ISSN 1030-4312 print/ISSN 1469-3666 online/03/010079-09  2003 Taylor & Francis Ltd DOI: 10.1080/1030431022000049038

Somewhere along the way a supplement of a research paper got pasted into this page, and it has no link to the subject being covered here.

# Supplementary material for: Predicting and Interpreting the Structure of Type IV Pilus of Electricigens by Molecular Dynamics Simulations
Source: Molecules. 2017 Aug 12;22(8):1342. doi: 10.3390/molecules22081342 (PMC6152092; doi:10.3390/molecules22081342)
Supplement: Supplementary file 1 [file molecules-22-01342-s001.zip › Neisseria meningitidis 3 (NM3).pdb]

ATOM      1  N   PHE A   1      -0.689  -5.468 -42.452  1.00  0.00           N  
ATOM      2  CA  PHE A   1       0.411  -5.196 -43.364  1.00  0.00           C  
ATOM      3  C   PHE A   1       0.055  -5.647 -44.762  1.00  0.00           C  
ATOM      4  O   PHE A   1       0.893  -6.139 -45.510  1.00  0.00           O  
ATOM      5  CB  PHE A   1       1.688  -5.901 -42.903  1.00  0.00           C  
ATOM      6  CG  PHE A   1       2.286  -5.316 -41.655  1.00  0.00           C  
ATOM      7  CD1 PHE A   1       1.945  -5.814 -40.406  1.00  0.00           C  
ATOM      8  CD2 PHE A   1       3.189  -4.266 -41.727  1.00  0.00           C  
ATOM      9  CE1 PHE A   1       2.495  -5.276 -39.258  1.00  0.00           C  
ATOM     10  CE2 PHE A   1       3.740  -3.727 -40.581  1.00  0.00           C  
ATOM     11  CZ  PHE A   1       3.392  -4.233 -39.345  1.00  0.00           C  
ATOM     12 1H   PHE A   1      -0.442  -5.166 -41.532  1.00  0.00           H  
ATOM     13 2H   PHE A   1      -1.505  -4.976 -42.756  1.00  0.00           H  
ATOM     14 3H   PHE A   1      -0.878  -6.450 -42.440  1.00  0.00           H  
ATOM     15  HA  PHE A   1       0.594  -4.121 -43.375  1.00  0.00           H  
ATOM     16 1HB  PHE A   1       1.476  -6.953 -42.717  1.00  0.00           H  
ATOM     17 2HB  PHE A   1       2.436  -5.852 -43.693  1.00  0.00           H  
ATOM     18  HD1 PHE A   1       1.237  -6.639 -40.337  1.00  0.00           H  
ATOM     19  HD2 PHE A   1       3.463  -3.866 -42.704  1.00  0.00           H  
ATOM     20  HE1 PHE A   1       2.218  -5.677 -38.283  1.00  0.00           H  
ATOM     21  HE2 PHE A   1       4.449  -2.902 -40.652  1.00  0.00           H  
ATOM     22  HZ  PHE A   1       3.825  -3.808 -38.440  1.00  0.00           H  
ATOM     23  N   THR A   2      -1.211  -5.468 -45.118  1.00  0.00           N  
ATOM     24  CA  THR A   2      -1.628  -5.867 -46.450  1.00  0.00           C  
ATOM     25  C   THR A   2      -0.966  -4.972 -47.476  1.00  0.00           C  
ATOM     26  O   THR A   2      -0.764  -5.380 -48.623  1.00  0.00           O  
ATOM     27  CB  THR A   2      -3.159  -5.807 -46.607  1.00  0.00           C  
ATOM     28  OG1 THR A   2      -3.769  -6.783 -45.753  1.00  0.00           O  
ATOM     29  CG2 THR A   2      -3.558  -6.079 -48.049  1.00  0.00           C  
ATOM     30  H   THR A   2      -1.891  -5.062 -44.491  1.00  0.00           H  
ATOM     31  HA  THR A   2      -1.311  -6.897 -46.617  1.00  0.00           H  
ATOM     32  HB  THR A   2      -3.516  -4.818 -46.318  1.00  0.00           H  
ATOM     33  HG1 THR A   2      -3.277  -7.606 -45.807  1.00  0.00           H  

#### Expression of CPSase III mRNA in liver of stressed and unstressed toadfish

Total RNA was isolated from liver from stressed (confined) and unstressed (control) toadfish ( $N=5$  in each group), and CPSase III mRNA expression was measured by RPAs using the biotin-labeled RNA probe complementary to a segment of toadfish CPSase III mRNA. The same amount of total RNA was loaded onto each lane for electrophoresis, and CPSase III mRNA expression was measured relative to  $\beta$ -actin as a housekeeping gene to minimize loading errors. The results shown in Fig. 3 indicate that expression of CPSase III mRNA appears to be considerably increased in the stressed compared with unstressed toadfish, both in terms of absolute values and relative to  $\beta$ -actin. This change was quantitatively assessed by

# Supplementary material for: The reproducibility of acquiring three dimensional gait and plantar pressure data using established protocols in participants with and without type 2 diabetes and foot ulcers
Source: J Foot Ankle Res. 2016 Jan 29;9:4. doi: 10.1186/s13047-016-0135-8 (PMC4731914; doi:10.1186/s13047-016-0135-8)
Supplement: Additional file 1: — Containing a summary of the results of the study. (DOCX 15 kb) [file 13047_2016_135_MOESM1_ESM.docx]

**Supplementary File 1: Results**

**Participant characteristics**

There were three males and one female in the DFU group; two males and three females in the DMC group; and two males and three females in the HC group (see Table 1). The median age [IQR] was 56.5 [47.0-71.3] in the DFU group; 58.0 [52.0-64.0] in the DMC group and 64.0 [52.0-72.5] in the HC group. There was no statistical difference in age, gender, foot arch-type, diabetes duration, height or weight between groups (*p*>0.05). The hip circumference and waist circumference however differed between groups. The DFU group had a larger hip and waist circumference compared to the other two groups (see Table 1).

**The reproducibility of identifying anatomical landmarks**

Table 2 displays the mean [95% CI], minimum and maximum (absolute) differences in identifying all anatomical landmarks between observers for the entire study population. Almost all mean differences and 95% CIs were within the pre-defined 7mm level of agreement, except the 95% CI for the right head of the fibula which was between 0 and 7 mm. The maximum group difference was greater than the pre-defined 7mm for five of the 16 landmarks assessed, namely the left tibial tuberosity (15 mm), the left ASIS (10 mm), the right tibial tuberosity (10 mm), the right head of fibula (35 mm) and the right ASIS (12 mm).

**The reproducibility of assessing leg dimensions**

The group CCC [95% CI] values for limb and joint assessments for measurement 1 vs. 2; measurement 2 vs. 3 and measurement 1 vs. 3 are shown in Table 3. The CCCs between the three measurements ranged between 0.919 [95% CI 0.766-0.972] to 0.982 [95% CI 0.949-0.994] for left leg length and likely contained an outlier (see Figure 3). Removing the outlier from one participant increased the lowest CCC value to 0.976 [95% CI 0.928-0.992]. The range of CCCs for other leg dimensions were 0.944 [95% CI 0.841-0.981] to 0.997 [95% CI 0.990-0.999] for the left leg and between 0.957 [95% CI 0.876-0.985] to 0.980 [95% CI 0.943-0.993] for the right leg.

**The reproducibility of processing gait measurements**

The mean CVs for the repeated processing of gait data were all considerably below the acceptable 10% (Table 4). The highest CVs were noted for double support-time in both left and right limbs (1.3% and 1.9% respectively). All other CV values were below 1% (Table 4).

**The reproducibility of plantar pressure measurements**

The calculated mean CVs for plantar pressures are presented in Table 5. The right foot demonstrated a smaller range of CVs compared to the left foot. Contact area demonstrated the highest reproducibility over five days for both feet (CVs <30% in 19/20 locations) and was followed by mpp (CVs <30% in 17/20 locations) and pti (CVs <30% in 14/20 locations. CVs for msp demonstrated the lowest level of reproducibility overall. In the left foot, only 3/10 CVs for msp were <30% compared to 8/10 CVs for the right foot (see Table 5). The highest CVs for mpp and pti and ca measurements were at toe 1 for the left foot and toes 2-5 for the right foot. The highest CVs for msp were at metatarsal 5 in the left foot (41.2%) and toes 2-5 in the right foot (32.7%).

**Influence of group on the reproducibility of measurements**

pretty and have large breasts (see Inness. The female character. developers of Tomb Raider. Instead of being the ‘object’ of rescue. It was the first Tomb Raider game (1996) that broke away from the familiar pattern. In the early stages of development. changes in the way that texts circulate—which have been enabled by changes in communication technologies—make it more difficult to generalize about the function of media texts. 1993. finally prevailed. even with her unprecedentedly feminine body. Lumby. Women were largely represented by ‘damsels in distress’—vulnerable victims of violence. A study undertaken two years ago by the American Association of University Women (AAUW) Educational .80 M. 1993. initially called Laura Cruise. Derby-based company Core Design. to be rescued by muscular male heroes. but it is still considerably lower than the number of males (Mayfield. does this become irrelevant when she still has to win her place in popular culture by having large breasts? It is useful to begin thinking about such a question by addressing the ways in which players of Tomb Raider—the game in which Lara was introduced to the world—are invited to relate to this character. But this term isn’t obviously useful for making sense of the ways in which the texts of videogames work. 2000). Roiphe. In particular. Are players invited to ‘identify’ with Lara? Or. 1999). is so easily taken up by fan-producers. 1975 [1990])? Until recently there were few female characters in videogames. identified the target audience for the first Tomb Raider game as ‘males between 15 and 26 years of age’ (Pretzsch. 8). to complete the familiar binary. 1995. Identification/Objectification As feminist debates have begun to explore the degree to which it is possible to understand a sexualized performance of traditional femininity as a form of empowerment (see Wolf. The violence in Tomb Raider is understood to be desirable for men. and is readily detached from the circumstances of her initial production makes it difficult to make any convincing claims about what such a text ‘really’ means. many commentators have pointed to a recent tendency to allow female characters to be physically and emotionally powerful and independent—so long as they’re young. p. 2000). Denfeld. two possible protagonists were considered—one male and one female. the number of female characters in action videogames has been on a steady increase. epitomizing the range of contemporary feminist stances in relation to the body and the consumer culture of late capitalism. The concept of ‘identification’ with characters is often employed to discuss the function of films and television programmes in offering gender roles to audiences. Mikula everything good—and thus analysing the circulation and discussion of Lara in Western culture allows us to explore the current predicament of feminist identity politics. Lara Croft is the protagonist and the driving force of the game plot. Since Lara’s groundbreaking entry into this traditionally male world. despite fears in the marketing department that such an unheard-of choice would undermine the sales of the product. In a way. But is this target audience—the young men who take on the character of Lara in order to play—primarily being invited to take sexual pleasure from looking at her? Or to enjoy the pleasures of being her? We know that there are certainly masculine pleasures to ‘being’ Lara. to ‘objectify’ her (see Mulvey. the debates which take place about Lara are familiar ones: accepting that her character is everything that an earlier generation of feminists wished for. 1997. The fact that Lara Croft has no obviously attributable author. Following the established videogame-industry marketing trends.